Continually ensuring that the data in your CRM is clean takes some effort—no doubt about it. But if you put best practices into place and provide reminders about those practices until system users have developed good deduping habits, you’ll find that the benefits far outweigh your time-and-effort costs!

A traditional crm was built for general ‘customer’ scenarios

Software platforms have made the world a better place by making work a better place. Indeed the world is better off when people enjoy their jobs even marginally more, and workplace applications on big CRM platforms like have done that and much more.

But the potential that platforms like these offer presents diminishing returns: once the platform provider has engineered too many industry specific components into its platform, its usefulness for other industries begins to be threatened, and with that so do the usefulness of the component tools built into the platform.

So it is with the CRM category that has defined: it is generic enough to work for many industries, and yet still offers the potential for others to round off the edges and nail more vertically-oriented and extremely tailored software solutions.

Private capital markets are actually a great demonstration of this dynamic. Where generic CRM platforms simplify — appropriately so — to assume there’s a business, a customer, a sale, and service of that customer, there are a few industry-specific pieces that are missing.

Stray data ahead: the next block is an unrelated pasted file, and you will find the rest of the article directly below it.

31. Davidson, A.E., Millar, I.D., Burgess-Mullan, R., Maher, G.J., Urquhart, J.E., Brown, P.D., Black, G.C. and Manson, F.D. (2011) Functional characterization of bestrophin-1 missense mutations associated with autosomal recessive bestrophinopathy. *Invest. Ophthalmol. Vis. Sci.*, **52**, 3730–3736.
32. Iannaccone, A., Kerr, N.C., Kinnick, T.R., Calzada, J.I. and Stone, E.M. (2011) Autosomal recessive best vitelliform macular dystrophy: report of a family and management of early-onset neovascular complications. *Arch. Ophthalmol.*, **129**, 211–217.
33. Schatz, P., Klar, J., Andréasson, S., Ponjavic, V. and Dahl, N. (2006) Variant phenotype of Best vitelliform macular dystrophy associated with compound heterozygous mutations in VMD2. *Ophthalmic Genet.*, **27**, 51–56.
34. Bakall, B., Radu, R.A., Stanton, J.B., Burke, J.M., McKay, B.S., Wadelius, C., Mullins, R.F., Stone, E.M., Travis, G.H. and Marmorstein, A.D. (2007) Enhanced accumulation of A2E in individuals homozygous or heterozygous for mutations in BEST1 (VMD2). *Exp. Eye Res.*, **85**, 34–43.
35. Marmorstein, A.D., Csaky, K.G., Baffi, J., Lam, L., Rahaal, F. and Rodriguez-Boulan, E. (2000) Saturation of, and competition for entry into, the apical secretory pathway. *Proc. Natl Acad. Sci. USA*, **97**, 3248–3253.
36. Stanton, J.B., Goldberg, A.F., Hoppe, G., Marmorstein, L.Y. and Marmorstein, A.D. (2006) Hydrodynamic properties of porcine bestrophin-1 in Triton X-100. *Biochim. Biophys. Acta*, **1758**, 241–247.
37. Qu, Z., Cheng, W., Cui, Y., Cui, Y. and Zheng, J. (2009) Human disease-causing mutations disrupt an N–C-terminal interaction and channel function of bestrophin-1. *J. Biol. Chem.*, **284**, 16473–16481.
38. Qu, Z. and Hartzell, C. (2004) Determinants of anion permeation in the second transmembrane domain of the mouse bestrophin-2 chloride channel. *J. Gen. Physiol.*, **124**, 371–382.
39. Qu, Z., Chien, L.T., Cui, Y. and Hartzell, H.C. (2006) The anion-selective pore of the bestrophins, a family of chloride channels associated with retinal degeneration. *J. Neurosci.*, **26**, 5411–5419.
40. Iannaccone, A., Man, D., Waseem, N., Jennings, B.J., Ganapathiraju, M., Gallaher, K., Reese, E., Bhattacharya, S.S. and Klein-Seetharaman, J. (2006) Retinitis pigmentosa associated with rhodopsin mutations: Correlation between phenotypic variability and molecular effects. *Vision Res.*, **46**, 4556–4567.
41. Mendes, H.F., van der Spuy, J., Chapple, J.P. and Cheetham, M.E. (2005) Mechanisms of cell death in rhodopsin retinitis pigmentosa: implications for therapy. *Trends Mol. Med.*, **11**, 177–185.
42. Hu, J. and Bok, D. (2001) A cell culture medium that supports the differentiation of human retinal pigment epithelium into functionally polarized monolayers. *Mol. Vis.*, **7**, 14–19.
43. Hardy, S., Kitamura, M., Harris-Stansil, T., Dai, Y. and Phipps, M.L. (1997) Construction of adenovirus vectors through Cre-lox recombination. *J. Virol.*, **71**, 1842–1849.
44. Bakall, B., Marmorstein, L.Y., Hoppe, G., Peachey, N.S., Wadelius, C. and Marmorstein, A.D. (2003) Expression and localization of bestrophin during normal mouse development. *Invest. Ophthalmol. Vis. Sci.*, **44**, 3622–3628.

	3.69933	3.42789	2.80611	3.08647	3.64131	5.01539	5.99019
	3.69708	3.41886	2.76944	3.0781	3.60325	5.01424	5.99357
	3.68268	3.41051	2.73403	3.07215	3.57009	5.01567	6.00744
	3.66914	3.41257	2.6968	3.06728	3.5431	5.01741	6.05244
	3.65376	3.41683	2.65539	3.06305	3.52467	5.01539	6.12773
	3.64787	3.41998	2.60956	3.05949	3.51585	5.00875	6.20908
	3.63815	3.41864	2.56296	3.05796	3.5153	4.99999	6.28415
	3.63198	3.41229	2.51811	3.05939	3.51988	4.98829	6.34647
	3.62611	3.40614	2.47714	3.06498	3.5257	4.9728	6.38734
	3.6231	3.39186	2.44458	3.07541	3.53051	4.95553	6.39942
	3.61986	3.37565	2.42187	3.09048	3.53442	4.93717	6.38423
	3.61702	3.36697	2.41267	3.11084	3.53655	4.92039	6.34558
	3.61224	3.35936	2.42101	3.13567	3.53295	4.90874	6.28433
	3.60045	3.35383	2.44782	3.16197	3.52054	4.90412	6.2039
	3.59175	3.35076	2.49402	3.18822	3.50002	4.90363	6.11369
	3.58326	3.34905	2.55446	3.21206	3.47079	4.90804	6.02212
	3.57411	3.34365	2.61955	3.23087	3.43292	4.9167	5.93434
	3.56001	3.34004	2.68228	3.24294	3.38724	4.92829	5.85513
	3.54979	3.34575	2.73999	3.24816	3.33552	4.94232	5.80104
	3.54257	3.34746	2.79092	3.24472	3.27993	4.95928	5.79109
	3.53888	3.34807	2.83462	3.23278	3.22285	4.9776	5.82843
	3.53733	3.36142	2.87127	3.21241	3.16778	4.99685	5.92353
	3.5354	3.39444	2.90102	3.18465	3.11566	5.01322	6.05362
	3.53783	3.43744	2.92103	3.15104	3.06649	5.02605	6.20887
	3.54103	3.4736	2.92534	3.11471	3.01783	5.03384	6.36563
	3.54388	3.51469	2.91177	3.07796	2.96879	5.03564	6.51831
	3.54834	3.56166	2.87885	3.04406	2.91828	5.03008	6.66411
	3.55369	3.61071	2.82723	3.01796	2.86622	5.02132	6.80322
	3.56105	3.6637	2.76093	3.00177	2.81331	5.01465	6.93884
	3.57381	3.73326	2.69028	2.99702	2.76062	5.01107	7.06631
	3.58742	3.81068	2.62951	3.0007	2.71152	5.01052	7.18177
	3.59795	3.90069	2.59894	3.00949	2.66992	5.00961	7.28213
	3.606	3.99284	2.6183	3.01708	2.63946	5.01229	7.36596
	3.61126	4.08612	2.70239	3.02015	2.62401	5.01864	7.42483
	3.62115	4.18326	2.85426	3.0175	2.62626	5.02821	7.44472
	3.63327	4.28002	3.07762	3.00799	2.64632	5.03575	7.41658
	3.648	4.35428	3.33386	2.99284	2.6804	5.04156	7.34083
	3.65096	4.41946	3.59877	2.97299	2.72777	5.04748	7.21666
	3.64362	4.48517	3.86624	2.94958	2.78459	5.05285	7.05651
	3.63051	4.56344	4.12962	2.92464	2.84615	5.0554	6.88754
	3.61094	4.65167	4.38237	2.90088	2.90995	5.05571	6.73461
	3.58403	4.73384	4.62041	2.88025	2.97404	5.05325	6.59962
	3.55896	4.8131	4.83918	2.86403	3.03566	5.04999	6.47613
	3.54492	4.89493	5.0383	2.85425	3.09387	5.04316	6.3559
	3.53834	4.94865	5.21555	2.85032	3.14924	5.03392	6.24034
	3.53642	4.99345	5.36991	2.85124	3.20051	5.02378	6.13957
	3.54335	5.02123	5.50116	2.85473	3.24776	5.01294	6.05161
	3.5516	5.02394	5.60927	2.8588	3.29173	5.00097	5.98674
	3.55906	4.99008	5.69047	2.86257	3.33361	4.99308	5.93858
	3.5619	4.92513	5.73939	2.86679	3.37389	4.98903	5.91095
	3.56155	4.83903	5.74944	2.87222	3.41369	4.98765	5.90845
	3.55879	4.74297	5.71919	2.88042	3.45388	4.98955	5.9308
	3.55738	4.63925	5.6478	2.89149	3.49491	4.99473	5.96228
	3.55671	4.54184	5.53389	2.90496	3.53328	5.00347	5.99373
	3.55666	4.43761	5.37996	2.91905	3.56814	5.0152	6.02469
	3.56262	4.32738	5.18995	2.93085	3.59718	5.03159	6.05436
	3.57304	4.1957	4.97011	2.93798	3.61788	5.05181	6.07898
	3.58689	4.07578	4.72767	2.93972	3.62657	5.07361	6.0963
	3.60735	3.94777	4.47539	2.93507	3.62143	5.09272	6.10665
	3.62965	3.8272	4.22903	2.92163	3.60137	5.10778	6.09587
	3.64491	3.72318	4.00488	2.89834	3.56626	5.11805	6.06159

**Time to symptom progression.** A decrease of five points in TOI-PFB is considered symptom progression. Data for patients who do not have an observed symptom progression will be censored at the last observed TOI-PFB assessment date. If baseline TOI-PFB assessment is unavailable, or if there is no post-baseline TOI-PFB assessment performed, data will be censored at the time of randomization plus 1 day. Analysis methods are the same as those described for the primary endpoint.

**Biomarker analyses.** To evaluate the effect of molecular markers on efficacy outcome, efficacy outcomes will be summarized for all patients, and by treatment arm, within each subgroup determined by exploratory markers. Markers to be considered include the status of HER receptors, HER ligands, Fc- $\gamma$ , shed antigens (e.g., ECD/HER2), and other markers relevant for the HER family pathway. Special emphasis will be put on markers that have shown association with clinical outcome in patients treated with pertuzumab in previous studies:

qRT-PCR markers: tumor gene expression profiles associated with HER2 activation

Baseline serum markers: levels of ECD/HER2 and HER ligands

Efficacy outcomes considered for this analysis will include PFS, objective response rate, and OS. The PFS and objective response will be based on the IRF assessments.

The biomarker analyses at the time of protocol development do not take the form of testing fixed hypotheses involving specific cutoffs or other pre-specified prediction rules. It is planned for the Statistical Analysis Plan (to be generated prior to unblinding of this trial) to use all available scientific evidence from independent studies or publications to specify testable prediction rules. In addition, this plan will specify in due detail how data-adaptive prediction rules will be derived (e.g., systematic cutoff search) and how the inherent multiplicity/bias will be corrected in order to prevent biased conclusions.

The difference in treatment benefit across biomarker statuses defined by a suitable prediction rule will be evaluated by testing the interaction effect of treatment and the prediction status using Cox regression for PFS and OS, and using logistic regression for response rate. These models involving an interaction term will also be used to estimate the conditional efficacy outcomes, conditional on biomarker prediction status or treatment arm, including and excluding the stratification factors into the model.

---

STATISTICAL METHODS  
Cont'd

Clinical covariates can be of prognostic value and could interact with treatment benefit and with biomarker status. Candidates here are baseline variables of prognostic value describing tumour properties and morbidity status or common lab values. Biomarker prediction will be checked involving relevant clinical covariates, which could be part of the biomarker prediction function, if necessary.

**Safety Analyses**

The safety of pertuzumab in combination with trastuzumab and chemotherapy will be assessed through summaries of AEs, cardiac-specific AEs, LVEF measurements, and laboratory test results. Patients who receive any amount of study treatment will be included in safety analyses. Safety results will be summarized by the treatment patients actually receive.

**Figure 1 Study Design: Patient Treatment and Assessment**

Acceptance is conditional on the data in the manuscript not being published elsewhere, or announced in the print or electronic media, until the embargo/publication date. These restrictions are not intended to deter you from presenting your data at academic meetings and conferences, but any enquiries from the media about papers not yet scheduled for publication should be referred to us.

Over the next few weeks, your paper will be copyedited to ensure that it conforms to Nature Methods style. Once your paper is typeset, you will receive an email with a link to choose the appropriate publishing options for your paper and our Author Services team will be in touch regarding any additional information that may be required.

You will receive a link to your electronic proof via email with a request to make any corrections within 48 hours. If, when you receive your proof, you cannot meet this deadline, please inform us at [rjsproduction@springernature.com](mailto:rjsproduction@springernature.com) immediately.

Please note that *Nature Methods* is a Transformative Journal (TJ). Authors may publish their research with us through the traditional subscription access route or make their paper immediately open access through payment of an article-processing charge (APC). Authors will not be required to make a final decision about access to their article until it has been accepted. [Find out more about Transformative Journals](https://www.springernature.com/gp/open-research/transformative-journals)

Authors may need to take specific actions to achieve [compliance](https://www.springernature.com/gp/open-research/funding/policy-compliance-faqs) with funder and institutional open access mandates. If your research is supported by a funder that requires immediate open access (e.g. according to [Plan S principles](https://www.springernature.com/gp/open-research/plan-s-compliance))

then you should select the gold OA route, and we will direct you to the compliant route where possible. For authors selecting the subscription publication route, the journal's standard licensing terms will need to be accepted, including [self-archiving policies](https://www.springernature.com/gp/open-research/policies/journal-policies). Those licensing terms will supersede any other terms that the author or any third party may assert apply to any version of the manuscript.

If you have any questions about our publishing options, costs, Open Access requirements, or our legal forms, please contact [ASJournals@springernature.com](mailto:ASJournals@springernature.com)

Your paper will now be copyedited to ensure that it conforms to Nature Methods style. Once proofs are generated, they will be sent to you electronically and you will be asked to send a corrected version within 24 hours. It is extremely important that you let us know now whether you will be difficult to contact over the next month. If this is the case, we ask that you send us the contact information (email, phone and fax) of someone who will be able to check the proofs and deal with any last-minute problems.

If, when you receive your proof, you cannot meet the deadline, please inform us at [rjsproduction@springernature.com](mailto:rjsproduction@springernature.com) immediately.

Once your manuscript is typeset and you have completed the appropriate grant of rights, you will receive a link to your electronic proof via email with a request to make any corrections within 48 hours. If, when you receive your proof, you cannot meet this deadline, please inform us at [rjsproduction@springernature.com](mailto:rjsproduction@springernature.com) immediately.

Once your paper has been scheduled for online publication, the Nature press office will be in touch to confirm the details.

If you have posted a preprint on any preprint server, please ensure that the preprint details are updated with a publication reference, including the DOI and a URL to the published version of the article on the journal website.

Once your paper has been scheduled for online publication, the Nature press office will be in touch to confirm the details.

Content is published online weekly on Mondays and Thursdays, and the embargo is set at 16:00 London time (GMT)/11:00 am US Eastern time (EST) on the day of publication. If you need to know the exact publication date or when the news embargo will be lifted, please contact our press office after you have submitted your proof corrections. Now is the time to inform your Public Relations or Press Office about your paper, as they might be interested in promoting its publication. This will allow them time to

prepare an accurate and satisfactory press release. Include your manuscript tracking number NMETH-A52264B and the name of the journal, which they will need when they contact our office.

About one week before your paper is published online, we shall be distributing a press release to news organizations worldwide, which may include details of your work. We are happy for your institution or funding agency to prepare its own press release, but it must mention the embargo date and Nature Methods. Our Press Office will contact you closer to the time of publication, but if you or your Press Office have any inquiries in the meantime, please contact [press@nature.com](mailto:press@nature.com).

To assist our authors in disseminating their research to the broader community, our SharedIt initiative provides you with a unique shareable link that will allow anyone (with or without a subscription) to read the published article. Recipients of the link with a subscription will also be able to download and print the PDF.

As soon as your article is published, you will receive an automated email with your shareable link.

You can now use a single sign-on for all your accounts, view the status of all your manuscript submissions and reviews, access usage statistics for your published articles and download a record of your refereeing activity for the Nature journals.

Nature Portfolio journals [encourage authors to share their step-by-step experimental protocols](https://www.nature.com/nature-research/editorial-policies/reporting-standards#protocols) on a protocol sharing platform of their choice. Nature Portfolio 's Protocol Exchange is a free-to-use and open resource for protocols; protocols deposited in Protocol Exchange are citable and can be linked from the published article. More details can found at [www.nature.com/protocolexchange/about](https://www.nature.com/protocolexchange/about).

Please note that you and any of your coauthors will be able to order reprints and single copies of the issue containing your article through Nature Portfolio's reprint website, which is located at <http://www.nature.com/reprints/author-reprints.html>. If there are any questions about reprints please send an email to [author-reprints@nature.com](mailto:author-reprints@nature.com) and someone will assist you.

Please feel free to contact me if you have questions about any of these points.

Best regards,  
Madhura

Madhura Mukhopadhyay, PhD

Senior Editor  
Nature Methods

Take for example, that investors become customers by investing through legal entities the GP raises. It’s a subtle but important nuance that just doesn’t make sense at a platform-as-a-service level (because it’s overly complicated for a simple one-time sale that many industries require), but which can easily be added without 10 years or software engineering. Once provided, the rest of the platform’s components become tremendously powerful again and you’re set to take over the world.

As a traditional CRM in our pillars methodology, these nuances must be present to properly account for investors in these legal entities, potential target companies and which are owned by these entities, the context of all interactions with these parties (as well as the appropriate overlap, ie co-investments), and how you’re arriving at finding these opportunities on both sides of the equation, such that you’re able to piece together what’s effective and what’s not. Not just because we say so, but because these are the very relationships and data that are key to the motivation behind a CRM in any industry.

It’s critical, too, that the valuable publicly-available information that helps to enrich CRM systems and save users painful steps of entering it themselves is fully-integrated at the platform level.

Again, look no further than the 3,000+ pre-built integrations that — the creator of the CRM platform concept — has at a platform level to do so, and which only exists by way of holding just short of overly-specifying certain industry workflows that would present challenges to properly integrate.

Stakeholder reporting and communication (investor relations) draws on a range of datasets

The traditional “customer service” model of CRM systems once again makes overly-simplified assumptions about the customer relationship when applied to private capital markets.